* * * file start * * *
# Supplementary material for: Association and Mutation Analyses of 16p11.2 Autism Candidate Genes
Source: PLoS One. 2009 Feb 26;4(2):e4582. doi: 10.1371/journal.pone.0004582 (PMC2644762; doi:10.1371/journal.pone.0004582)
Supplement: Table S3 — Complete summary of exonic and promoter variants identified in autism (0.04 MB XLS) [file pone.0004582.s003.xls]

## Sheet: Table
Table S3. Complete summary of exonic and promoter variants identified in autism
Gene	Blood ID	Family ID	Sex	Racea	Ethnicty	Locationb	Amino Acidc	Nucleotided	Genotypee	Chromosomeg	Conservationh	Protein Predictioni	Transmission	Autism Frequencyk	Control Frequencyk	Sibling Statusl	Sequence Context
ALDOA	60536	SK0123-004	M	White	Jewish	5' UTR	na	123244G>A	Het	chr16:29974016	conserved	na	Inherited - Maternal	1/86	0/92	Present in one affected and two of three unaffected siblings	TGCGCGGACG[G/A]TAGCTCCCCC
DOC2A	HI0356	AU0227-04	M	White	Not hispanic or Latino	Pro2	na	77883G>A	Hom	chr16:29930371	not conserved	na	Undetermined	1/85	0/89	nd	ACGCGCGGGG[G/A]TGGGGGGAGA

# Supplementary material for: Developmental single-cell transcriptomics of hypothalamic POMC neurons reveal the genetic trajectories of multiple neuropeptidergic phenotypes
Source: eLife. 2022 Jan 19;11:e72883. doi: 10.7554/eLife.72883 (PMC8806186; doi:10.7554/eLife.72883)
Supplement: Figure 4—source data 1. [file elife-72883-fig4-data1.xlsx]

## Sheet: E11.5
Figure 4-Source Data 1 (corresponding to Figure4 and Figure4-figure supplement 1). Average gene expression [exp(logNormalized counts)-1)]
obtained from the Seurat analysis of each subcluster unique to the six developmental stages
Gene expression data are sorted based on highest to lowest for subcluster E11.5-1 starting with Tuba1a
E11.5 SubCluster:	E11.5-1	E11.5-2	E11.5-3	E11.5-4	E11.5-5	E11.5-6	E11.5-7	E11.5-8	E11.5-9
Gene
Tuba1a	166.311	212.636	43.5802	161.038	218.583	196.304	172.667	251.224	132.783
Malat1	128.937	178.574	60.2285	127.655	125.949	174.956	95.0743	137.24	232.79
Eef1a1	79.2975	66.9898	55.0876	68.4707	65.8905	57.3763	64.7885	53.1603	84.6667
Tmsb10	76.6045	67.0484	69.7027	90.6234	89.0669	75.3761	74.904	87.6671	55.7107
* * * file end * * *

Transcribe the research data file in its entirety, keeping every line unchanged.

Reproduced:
# Supplementary material for: Association and Mutation Analyses of 16p11.2 Autism Candidate Genes
Source: PLoS One. 2009 Feb 26;4(2):e4582. doi: 10.1371/journal.pone.0004582 (PMC2644762; doi:10.1371/journal.pone.0004582)
Supplement: Table S3 — Complete summary of exonic and promoter variants identified in autism (0.04 MB XLS) [file pone.0004582.s003.xls]

## Sheet: Table
Table S3. Complete summary of exonic and promoter variants identified in autism
Gene	Blood ID	Family ID	Sex	Racea	Ethnicty	Locationb	Amino Acidc	Nucleotided	Genotypee	Chromosomeg	Conservationh	Protein Predictioni	Transmission	Autism Frequencyk	Control Frequencyk	Sibling Statusl	Sequence Context
ALDOA	60536	SK0123-004	M	White	Jewish	5' UTR	na	123244G>A	Het	chr16:29974016	conserved	na	Inherited - Maternal	1/86	0/92	Present in one affected and two of three unaffected siblings	TGCGCGGACG[G/A]TAGCTCCCCC
DOC2A	HI0356	AU0227-04	M	White	Not hispanic or Latino	Pro2	na	77883G>A	Hom	chr16:29930371	not conserved	na	Undetermined	1/85	0/89	nd	ACGCGCGGGG[G/A]TGGGGGGAGA

# Supplementary material for: Developmental single-cell transcriptomics of hypothalamic POMC neurons reveal the genetic trajectories of multiple neuropeptidergic phenotypes
Source: eLife. 2022 Jan 19;11:e72883. doi: 10.7554/eLife.72883 (PMC8806186; doi:10.7554/eLife.72883)
Supplement: Figure 4—source data 1. [file elife-72883-fig4-data1.xlsx]

## Sheet: E11.5
Figure 4-Source Data 1 (corresponding to Figure4 and Figure4-figure supplement 1). Average gene expression [exp(logNormalized counts)-1)]
obtained from the Seurat analysis of each subcluster unique to the six developmental stages
Gene expression data are sorted based on highest to lowest for subcluster E11.5-1 starting with Tuba1a
E11.5 SubCluster:	E11.5-1	E11.5-2	E11.5-3	E11.5-4	E11.5-5	E11.5-6	E11.5-7	E11.5-8	E11.5-9
Gene
Tuba1a	166.311	212.636	43.5802	161.038	218.583	196.304	172.667	251.224	132.783
Malat1	128.937	178.574	60.2285	127.655	125.949	174.956	95.0743	137.24	232.79
Eef1a1	79.2975	66.9898	55.0876	68.4707	65.8905	57.3763	64.7885	53.1603	84.6667
Tmsb10	76.6045	67.0484	69.7027	90.6234	89.0669	75.3761	74.904	87.6671	55.7107